Endangered Ants

Black-backed meadow ant – the Black-backed meadow ant (Formica pratensis) is a large ‘wood ant’ that resembles the more common southern wood ant (Formica rufa). Its thorax displays some red colouration, however, generally this species is much darker than its related species. Its abdomen is dark brown to black and the whole of its body is covered in many fine hairs.

The Black-backed meadow ant has been rare since it was first recorded in the UK. It was confined to a few sites around the Bournemouth and Wareham areas of Dorset however, despite a number of informal searches, there have been no sightings of this species since the 1980’s, when two last known colonies in the Morden area disappeared. A population still exists on cliff top sites on the Channel Islands. The black-backed meadow ant is widespread in Europe but is declining. The Black-backed meadow ant is listed as Vulnerable by the IUCN/WCMC and as Endangered in the GB Red List. The Black-backed meadow ant is possibly now extinct in the UK.

One of the reasons for this ants decline is urban development on cliff tops, particularly in Bournemouth.

Black bog ant – the Black Bog ant (Formica candida) is very rare. It is a medium-sized ant that is black and shiny. In the UK the black bog ant is known from only a small number of bogs, wet heaths and mossy stream sides in Dorset and Hampshire and from an isolated site near Carmarthen in Dyfed, Wales.

The Black Bog ant seems to have disappeared from a number of its former territories in the New Forest and has been recorded in only nine one km squares there since 1975. The Black Bog ant is listed as Endangered in the GB Red List.

There are many factors leading to the decline of the Black Bog ant including loss of habitat, trampling of nests through excessive grazing and drought.

Narrow-headed ant – the Narrow-headed ant (Formica exsecta) is native to the British Isles. The Narrow-headed ant is a rare formicine ant with a deeply excised head and forms small mounds up to one foot in height consisting of much finer material than that used by ‘true’ wood ants. In Britain, the Narrow-headed ant can be found only in a few scattered heathland locations in South West England mainly Chudleigh Knighton heath and nearby Bovey Heath which both are managed by the Devon Wildlife Trust and in the central Scottish Highlands.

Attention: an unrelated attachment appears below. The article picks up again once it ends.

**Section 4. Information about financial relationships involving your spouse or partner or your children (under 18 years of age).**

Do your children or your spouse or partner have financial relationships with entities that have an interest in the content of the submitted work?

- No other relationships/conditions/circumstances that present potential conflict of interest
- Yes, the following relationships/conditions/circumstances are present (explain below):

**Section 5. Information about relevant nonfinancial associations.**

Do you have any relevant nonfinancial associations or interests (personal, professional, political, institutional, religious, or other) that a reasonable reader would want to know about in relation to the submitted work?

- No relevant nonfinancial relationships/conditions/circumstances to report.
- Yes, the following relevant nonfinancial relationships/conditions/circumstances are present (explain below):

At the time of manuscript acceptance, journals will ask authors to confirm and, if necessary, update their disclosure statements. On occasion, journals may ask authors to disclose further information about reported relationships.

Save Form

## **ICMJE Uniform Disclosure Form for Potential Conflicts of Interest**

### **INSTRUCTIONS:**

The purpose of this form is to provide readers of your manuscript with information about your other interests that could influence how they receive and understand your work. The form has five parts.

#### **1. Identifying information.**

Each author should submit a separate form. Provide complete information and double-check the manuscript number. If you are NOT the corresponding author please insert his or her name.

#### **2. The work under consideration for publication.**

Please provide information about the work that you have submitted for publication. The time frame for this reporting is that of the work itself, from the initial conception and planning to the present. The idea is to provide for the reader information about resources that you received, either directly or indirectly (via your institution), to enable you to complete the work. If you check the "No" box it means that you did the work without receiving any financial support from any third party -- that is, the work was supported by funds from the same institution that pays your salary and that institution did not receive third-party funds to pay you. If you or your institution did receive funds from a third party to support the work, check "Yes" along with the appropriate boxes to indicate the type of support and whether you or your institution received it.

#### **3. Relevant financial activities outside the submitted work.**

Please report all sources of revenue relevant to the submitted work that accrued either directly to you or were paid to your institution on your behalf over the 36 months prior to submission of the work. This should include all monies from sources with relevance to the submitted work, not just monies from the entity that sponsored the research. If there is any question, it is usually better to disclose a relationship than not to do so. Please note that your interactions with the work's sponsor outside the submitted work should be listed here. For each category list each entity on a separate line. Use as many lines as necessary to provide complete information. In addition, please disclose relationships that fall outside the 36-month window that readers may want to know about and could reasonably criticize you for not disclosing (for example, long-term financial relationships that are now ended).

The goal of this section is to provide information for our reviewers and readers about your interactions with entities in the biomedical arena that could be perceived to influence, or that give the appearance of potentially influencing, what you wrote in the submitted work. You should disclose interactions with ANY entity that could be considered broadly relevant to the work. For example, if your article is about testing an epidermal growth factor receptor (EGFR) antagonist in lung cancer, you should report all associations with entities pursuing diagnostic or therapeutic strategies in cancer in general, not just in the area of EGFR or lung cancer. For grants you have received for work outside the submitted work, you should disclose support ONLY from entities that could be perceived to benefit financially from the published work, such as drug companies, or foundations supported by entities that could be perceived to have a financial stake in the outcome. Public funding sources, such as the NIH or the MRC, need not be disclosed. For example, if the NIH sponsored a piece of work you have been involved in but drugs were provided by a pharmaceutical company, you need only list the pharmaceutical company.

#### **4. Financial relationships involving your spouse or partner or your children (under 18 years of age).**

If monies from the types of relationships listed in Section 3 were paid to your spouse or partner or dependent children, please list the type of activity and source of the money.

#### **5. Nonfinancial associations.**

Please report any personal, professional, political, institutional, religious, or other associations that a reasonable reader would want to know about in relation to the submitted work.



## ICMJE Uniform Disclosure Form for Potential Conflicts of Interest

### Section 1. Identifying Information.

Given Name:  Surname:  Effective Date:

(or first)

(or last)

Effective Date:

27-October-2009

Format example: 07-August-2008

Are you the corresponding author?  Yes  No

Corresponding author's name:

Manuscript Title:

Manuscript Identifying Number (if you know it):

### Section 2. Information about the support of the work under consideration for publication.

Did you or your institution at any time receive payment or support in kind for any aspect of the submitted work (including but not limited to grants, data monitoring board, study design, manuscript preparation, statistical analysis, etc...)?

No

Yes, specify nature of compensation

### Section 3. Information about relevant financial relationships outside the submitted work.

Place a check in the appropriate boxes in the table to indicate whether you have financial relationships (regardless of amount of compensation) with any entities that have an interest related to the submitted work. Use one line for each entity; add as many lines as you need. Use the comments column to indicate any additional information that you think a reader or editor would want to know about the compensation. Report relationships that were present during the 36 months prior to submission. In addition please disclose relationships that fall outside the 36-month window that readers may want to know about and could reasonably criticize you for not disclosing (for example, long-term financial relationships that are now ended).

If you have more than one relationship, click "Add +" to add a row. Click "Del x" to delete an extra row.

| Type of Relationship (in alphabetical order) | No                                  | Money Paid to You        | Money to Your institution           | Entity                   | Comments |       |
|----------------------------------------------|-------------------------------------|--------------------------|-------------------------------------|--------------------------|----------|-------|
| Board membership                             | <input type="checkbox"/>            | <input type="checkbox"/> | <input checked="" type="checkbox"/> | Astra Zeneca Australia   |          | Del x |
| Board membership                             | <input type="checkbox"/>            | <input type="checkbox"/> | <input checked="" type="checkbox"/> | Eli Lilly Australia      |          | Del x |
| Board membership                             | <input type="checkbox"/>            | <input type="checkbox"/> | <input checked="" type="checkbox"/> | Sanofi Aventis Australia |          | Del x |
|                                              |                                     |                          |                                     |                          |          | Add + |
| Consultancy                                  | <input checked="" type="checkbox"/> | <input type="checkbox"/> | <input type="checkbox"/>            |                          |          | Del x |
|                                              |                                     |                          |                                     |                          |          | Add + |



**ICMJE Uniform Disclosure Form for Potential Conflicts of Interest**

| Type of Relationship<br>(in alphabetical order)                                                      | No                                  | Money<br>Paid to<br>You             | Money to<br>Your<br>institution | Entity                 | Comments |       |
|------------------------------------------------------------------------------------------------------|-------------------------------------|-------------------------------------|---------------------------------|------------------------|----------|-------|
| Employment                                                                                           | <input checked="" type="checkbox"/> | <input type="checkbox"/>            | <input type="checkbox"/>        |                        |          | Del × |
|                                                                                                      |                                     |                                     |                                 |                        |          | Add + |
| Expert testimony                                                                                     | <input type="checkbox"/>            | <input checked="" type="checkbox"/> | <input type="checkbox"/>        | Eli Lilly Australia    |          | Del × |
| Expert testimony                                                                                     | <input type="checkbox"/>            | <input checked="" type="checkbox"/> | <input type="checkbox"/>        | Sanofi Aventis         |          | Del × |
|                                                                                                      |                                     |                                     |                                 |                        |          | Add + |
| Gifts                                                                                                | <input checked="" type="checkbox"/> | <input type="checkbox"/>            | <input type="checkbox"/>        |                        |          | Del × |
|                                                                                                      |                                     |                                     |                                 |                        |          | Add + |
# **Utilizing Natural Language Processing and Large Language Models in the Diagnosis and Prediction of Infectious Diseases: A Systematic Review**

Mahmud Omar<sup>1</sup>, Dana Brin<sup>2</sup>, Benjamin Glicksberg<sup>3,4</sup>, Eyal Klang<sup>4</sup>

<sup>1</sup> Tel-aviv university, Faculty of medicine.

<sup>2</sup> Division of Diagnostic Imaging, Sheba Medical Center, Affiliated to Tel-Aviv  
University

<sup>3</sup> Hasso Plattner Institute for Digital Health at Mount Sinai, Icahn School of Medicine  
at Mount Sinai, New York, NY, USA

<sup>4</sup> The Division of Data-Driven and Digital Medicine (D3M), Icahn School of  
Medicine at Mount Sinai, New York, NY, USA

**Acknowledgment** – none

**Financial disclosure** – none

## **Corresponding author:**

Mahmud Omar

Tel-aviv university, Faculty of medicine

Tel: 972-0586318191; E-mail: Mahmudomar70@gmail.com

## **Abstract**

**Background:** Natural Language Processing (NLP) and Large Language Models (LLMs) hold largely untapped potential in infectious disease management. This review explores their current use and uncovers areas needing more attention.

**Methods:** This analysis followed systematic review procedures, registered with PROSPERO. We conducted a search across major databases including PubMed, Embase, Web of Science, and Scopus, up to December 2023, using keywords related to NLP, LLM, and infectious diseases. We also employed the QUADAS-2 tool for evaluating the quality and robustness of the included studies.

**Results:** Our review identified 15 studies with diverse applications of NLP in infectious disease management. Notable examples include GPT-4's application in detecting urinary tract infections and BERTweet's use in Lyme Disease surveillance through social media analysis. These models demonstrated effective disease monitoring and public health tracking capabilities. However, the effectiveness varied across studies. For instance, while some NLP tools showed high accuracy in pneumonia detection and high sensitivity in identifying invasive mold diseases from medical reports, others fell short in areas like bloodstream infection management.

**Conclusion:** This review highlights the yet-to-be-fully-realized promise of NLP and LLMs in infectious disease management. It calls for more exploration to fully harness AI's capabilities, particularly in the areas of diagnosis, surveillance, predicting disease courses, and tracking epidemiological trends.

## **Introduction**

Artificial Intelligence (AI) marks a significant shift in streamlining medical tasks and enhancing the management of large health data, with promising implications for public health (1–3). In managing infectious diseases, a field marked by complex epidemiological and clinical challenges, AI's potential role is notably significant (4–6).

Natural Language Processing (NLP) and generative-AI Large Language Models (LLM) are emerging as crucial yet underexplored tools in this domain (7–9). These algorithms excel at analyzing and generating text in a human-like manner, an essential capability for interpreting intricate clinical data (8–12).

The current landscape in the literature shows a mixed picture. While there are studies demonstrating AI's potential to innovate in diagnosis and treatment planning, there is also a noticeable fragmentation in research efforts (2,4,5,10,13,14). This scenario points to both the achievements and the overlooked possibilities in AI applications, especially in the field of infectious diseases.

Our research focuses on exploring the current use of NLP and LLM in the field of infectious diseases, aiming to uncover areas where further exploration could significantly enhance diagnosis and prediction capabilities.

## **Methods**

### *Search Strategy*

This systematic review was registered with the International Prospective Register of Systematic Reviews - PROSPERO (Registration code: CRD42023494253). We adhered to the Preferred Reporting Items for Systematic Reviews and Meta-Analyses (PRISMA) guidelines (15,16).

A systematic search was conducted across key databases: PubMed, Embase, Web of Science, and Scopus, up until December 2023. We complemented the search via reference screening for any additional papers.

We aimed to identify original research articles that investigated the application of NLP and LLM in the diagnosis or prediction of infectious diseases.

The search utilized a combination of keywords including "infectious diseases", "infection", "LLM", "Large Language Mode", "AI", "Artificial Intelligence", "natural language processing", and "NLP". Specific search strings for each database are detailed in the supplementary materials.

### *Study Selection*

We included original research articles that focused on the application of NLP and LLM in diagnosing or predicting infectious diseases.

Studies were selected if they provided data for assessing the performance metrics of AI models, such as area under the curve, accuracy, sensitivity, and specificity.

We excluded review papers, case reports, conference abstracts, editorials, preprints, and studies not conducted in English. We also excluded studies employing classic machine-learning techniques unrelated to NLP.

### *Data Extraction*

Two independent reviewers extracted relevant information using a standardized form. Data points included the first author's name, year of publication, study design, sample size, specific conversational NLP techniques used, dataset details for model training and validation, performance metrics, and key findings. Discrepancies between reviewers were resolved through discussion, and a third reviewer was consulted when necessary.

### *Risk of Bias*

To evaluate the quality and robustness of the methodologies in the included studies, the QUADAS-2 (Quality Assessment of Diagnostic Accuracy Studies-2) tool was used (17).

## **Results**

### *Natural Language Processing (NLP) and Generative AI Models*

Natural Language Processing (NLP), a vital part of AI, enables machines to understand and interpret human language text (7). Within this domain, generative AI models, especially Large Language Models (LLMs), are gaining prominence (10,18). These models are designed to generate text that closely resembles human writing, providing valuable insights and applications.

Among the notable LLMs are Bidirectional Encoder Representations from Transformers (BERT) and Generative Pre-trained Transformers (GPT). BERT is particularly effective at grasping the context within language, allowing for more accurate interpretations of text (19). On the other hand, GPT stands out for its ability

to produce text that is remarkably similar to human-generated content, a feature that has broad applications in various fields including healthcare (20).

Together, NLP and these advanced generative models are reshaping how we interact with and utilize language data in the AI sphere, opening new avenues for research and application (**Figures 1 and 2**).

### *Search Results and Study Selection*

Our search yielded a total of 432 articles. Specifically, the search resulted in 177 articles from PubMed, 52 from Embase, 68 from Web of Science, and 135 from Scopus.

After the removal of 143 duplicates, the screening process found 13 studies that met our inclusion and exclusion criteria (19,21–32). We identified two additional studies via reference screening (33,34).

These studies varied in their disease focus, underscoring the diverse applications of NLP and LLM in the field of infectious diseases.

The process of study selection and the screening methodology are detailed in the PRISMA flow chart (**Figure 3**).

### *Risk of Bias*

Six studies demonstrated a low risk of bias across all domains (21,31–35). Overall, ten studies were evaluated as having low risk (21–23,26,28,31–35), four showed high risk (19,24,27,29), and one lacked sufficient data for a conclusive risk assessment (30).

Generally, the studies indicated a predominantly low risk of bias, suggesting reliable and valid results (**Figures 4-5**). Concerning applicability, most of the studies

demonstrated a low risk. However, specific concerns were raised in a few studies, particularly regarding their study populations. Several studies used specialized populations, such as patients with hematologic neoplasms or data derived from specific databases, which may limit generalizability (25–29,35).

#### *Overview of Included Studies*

The Narrow-headed ant is listed as Endangered on the GB red List.

The reasons for this ants decline are loss of suitable heathland due to destruction and inappropriate management including untimely and extensive fires and encroachment by scrub, trees and bracken leading to shading out of nests and subsequent encouragement of competitive species of ant at sites in England.

Other reasons include loss of natural habitats in Scotland. Motorcycle scrambling at Bovey Heathfield in England. Excessive grazing and inadequate browsing by inappropriate species of ponies in the New Forest. Nutrient enrichment of soils and development of grass swath. Habitat fragmentation leading to potential inbreeding and loss of genetic fitness in isolated populations.

Red-barbed Ant – the Red-barbed ant (Formica rufibarbis) is most distinguishable by the large amounts of red colouration on the head and alitrunk. In Britain, the red-barbed ant is possibly the rarest resident animal in mainland Britain confined to Surrey heathland and the Isles of Scilly, where it is known as the ‘St Martin’s ant’. There is only one colony now known on Chobham Common and it is all one gender, lacking a queen, putting the species at high risk of being lost in mainland Britain.

The Red-barbed ants nests are completely within the ground, usually in sandy banks and nest chambers situated about a foot beneath the surface and are accessible only from a single entrance. This makes the locating of colonies very difficult, so it is possible that the tiny numbers of recorded colonies constitute an under-representation.

Worker ants possess a remarkable sense of sight and will proceed to their nest entrance in a very straight line even if major obstacles are placed to disrupt their path. Foraging red-barbed ants will also challenge other ant species for food, gripping on and tussling until it can decamp with the prey.

Colonies usually contain one to three queens. Eggs are first laid early in the new year and colonies reach a maximum size of around 500 worker ants. Alates (reproductions of a social insect) emerge in late June to early July.

Like other Servifusca, this species is subject to raids by dulotic species such as Formica sanguinea and Polyergus rufescens where their ranges coalesce. In Britain this only takes place at Chobham in the case of the former (the latter does not occur in the country).

The Red-barbed ant is on the red list in Britain, although it is not considered at risk in continental Europe.